Repub­li­can takes on GOP ‘de­nial’

Ari­zona se­na­tor with low ap­proval rat­ings chal­lenges si­lence on Trump in a new book.

Los Angeles Times - - THE NATION - By Lisa Mas­caro lisa.mas­caro@la­ Twit­ter: @LisaMas­caro

WASH­ING­TON — Sen. Jeff Flake is among the most en­dan­gered Re­pub­li­cans run­ning for re­elec­tion next year. But he’s not ex­actly act­ing like it.

The se­na­tor from Ari­zona un­leashed a sear­ing crit­i­cism Tues­day of Pres­i­dent Trump and, more sig­nif­i­cantly, of the GOP’s un­will­ing­ness to con­front the chaos at the White House.

Re­pub­li­cans, he writes in his new book, are in “de­nial.”

“Too of­ten, we ob­serve the un­fold­ing drama along with the rest of the coun­try, pas­sively, all but say­ing, ‘Some­one should do some­thing!’ with­out seem­ing to re­al­ize that that some­one is us,” Flake writes in “Con­science of a Con­ser­va­tive.”

“And so, that un­nerv­ing si­lence in the face of an er­ratic ex­ec­u­tive branch is an ab­di­ca­tion, and those in po­si­tions of lead­er­ship bear par­tic­u­lar re­spon­si­bil­ity.”

Such frank crit­i­cism of one’s own party is an un­usual ap­proach in Wash­ing­ton, and some are herald­ing Flake as a voice of rea­son in a Congress where most Re­pub­li­cans have been hes­i­tant to con­front Trump, espe­cially in states the pres­i­dent won.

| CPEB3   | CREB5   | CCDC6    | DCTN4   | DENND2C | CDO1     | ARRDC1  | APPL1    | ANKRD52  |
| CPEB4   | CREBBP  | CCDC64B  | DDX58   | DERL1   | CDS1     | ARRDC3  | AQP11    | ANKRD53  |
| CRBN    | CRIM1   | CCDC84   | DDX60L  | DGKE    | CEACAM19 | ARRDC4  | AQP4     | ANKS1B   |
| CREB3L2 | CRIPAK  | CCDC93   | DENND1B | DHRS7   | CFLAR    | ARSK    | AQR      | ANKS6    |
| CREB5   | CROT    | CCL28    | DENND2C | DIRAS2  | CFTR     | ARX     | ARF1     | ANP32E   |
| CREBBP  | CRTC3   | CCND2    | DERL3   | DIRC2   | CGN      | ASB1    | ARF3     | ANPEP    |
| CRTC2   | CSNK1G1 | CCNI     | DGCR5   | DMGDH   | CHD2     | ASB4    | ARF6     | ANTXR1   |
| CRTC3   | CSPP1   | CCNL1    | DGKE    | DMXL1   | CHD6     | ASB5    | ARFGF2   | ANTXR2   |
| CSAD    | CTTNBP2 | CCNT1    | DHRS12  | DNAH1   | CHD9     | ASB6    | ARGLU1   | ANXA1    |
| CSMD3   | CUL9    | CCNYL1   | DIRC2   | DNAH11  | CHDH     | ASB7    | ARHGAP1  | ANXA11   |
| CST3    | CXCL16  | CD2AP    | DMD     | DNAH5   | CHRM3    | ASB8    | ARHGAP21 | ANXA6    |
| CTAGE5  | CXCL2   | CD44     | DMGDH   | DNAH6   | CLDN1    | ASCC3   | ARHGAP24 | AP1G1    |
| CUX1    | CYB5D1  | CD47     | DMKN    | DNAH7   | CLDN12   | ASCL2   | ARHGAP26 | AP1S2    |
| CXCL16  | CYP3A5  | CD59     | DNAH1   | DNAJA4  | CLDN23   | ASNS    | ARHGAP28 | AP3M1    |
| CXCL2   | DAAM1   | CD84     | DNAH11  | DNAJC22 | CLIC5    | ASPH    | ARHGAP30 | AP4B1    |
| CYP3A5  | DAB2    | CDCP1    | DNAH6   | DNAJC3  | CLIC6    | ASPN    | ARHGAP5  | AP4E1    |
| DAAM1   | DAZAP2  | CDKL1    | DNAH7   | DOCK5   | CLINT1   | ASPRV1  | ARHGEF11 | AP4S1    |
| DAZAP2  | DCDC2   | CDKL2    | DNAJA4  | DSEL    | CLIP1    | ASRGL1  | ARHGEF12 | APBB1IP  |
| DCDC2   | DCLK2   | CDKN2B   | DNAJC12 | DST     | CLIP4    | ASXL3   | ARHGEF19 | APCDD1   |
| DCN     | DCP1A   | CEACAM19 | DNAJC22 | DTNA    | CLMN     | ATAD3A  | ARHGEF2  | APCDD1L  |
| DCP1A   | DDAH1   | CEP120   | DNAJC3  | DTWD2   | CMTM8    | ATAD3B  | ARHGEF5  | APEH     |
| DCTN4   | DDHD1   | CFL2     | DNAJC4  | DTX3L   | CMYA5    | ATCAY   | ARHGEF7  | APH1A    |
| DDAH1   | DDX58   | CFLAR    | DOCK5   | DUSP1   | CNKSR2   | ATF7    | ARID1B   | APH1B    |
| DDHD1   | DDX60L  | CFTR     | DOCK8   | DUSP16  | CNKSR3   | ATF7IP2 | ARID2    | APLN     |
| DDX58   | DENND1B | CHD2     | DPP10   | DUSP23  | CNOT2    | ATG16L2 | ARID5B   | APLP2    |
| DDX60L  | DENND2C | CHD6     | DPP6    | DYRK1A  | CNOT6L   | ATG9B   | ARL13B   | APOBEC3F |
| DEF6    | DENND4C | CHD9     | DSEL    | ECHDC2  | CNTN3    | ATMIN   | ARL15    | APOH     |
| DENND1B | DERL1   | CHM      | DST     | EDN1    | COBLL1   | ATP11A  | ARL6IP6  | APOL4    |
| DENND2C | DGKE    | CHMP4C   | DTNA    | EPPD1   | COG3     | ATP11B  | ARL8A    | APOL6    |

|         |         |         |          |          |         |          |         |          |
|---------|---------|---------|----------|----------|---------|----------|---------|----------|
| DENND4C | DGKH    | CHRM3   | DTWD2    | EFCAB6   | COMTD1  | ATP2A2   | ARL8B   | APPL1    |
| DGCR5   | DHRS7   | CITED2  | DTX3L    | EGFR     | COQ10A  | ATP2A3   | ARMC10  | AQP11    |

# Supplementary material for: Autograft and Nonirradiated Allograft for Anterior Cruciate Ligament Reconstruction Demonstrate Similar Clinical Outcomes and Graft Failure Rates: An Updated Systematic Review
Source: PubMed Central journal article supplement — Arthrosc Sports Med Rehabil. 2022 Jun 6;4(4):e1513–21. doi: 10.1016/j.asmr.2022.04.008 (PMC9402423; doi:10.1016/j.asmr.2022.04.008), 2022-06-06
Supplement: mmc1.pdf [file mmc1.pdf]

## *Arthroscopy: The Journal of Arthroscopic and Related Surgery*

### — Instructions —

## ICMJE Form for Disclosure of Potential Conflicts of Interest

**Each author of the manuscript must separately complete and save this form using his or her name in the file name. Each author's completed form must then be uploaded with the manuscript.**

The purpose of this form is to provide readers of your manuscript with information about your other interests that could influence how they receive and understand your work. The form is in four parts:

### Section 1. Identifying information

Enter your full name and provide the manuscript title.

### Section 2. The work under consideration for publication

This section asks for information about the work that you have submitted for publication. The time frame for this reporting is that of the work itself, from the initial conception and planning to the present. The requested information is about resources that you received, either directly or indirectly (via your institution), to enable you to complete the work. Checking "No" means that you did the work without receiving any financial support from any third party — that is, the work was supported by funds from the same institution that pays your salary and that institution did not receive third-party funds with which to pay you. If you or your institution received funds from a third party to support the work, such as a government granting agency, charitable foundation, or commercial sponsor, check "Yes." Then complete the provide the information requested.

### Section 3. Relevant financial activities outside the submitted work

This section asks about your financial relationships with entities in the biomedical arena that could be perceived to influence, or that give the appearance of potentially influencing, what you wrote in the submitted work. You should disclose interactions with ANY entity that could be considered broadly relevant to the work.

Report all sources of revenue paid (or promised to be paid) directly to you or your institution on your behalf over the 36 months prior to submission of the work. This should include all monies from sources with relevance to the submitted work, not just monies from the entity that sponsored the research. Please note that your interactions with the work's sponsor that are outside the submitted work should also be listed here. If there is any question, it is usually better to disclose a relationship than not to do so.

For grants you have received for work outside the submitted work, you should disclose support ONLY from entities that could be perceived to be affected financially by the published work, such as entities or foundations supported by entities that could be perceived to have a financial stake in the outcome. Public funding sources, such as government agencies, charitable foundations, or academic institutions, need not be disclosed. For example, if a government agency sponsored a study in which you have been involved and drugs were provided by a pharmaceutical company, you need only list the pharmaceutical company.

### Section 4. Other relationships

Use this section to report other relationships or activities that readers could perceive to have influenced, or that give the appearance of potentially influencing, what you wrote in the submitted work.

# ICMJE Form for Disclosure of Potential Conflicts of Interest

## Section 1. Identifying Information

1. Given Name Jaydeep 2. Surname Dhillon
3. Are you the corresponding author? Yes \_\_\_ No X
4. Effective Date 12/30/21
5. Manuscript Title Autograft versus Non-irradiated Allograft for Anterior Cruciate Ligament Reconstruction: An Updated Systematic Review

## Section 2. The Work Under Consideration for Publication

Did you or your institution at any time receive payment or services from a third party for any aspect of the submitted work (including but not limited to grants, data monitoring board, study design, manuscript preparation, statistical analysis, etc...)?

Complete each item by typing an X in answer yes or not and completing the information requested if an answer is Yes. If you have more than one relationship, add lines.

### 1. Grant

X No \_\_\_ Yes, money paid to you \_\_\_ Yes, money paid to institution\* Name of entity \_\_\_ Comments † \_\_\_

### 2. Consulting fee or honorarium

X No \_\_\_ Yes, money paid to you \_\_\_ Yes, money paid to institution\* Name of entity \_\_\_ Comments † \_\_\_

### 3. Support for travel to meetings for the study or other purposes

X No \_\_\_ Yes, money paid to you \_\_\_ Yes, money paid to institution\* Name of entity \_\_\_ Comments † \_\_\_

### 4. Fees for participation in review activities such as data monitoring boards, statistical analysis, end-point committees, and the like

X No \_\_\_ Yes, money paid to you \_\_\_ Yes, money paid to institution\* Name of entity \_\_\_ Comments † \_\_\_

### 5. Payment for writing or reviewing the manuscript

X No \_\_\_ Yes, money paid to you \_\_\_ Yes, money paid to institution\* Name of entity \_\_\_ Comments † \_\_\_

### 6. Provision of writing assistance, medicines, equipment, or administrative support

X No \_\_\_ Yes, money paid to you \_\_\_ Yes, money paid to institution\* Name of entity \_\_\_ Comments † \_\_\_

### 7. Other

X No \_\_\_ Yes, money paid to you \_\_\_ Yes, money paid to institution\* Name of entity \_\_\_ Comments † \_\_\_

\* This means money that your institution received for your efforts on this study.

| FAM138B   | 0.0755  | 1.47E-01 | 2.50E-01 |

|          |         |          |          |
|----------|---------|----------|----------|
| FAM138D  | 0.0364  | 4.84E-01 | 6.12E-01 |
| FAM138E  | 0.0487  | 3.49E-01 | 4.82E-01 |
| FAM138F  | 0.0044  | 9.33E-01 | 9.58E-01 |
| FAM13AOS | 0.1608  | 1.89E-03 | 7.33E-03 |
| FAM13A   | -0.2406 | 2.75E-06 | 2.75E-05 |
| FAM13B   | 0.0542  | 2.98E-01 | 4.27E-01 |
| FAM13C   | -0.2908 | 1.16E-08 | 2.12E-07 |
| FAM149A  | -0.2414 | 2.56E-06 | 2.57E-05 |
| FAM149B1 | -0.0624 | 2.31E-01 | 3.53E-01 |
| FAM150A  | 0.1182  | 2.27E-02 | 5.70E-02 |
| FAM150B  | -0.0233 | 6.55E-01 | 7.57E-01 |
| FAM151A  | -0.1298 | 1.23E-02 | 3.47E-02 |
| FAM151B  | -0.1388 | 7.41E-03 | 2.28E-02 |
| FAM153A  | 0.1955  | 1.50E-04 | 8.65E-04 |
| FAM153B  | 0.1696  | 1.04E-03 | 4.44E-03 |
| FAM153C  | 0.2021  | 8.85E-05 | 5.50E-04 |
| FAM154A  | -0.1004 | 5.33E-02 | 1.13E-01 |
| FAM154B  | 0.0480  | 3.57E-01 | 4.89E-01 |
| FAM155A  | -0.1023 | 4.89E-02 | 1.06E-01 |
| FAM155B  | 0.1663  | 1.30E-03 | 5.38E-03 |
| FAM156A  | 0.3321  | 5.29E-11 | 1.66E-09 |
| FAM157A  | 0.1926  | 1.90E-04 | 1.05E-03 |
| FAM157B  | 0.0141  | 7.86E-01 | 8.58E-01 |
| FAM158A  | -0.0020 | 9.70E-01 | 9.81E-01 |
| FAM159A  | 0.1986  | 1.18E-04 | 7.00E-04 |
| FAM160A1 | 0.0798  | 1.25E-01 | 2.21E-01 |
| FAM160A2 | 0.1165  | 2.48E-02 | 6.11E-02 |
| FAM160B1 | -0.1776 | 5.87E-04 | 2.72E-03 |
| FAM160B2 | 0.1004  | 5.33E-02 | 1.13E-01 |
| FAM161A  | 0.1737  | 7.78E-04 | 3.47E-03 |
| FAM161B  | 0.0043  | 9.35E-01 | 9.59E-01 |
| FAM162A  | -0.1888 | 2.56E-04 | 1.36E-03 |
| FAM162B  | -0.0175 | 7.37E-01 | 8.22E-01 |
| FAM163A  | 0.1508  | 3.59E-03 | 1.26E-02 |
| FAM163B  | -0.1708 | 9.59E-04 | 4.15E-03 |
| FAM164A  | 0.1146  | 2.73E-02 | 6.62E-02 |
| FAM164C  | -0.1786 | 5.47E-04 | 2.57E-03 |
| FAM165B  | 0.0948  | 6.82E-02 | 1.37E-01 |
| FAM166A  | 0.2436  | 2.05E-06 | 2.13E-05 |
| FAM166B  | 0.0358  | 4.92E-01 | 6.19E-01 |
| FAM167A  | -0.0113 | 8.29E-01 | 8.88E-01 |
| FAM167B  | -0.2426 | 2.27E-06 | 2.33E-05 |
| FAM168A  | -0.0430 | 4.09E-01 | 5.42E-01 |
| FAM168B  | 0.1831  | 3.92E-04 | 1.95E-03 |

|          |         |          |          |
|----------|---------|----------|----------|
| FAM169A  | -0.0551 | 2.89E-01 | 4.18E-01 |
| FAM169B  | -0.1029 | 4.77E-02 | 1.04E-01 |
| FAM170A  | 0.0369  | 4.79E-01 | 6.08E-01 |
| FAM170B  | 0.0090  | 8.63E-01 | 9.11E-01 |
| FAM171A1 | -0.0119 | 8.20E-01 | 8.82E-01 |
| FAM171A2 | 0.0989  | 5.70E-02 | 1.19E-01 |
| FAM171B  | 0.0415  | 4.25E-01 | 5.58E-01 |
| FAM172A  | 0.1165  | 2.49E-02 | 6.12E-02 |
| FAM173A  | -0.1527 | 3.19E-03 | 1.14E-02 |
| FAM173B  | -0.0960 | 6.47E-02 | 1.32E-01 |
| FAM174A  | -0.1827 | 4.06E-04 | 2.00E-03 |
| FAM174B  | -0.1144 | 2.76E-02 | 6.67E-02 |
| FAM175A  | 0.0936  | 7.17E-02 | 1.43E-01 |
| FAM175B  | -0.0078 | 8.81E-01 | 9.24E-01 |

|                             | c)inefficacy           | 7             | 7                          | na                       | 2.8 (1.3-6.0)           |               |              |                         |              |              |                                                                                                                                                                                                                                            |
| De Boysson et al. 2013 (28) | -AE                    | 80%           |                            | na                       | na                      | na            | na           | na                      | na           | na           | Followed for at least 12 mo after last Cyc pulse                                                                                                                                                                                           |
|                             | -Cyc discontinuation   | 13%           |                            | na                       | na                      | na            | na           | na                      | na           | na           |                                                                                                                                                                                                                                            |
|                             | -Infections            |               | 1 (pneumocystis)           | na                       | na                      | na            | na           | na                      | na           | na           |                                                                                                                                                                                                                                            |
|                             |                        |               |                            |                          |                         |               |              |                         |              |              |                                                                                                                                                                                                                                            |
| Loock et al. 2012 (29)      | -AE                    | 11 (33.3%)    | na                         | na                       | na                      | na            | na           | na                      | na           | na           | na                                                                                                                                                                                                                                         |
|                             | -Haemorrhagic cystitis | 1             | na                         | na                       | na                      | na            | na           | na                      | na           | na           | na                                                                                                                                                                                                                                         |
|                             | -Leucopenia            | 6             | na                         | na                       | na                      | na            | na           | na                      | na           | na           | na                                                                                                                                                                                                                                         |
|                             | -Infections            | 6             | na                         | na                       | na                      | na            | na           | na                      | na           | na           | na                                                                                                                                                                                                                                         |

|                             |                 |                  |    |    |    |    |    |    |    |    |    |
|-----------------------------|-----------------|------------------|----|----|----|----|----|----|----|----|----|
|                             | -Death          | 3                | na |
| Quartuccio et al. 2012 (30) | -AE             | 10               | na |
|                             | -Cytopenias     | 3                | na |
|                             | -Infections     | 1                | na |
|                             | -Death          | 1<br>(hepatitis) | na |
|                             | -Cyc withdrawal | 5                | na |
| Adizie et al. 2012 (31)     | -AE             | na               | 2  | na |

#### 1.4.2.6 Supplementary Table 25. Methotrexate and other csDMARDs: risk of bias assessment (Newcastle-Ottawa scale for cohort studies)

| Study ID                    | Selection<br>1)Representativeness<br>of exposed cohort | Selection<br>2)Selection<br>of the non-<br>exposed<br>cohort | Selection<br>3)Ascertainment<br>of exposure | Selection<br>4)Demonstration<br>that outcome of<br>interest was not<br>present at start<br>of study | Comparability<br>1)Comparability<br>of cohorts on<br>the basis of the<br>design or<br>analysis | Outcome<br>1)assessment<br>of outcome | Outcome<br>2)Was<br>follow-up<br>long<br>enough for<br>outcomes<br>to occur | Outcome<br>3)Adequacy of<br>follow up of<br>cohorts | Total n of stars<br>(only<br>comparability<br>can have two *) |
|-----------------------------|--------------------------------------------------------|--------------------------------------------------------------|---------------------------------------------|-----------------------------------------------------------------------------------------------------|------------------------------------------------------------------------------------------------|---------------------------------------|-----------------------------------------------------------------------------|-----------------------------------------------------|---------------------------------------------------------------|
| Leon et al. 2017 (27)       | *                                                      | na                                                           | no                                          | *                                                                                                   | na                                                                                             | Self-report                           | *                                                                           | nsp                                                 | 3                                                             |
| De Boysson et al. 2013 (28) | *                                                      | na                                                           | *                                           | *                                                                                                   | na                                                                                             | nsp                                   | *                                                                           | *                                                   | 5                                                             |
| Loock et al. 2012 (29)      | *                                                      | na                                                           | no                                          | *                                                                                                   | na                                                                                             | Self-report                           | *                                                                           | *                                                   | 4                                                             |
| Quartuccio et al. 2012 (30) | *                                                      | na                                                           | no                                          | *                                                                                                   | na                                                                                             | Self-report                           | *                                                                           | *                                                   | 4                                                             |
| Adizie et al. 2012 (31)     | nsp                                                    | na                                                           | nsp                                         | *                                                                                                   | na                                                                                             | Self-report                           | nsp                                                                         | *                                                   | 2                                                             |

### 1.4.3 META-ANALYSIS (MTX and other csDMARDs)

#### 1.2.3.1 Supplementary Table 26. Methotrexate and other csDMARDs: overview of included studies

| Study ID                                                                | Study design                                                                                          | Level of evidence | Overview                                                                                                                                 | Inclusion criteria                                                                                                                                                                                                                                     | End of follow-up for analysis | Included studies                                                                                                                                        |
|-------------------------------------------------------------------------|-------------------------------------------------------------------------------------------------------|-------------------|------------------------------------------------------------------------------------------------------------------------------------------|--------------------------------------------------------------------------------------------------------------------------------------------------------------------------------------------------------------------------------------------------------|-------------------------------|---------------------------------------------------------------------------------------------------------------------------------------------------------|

But it’s ac­tu­ally not sur­pris­ing com­ing from the first-term se­na­tor, who was never a Trump fan. Flake has al­ways been a bit of an out­lier in his more than 16 years in Congress.

Flake is chan­nel­ing his state’s rich tra­di­tion as West­ern out­siders, a mashup of Barry Gold­wa­ter’s con­ser­va­tive legacy and, more re­cently, the dra­matic re­turn of Sen. John McCain to cast the de­cid­ing Repub­li­can “no” vote last week that doomed the GOP’s Oba­macare over­haul. Flake voted for the plan.

Sec­ond only to Nevada’s Sen. Dean Heller as the most at-risk Repub­li­can in the 2018 midterm elec­tion, Flake cer­tainly risks alien­at­ing Trump vot­ers he will need next year to win re­elec­tion.

But Flake also ap­pears to be cal­cu­lat­ing that Ari­zona’s in­de­pen­dent streak and its shift to­ward be­com­ing a swing state will re­ward his McCain-like “straight talk” — or that at least he will be de­feated hav­ing had his say.

“Cer­tainly it’s not the eas­i­est path to re­elec­tion,” Flake told PBS’ Char­lie Rose, ac­knowl­edg­ing his low net ap­proval rat­ings in polls. “It makes some peo­ple up­set, but I felt it was im­por­tant enough to do.”

Flake said, “We politi­cians have to rec­og­nize that there are some things that are more im­por­tant than re­elec­tion.”

A strict fis­cal con­ser­va­tive first elected to the House in 2000, Flake was tea-party-minded long be­fore the rise of the tea party, rail­ing against gov­ern­ment spend­ing and waste as a lead­ing bud­get cut­ter in the House.

But he also comes from a Mor­mon tra­di­tion of mis­sion­ary ser­vice, hav­ing worked for years in Africa. He has adopted a more wel­com­ing at­ti­tude to im­mi­grants than many in his party, and was part of the so­called Gang of Eight sen­a­tors who drafted the 2013 im­mi­gra­tion over­haul.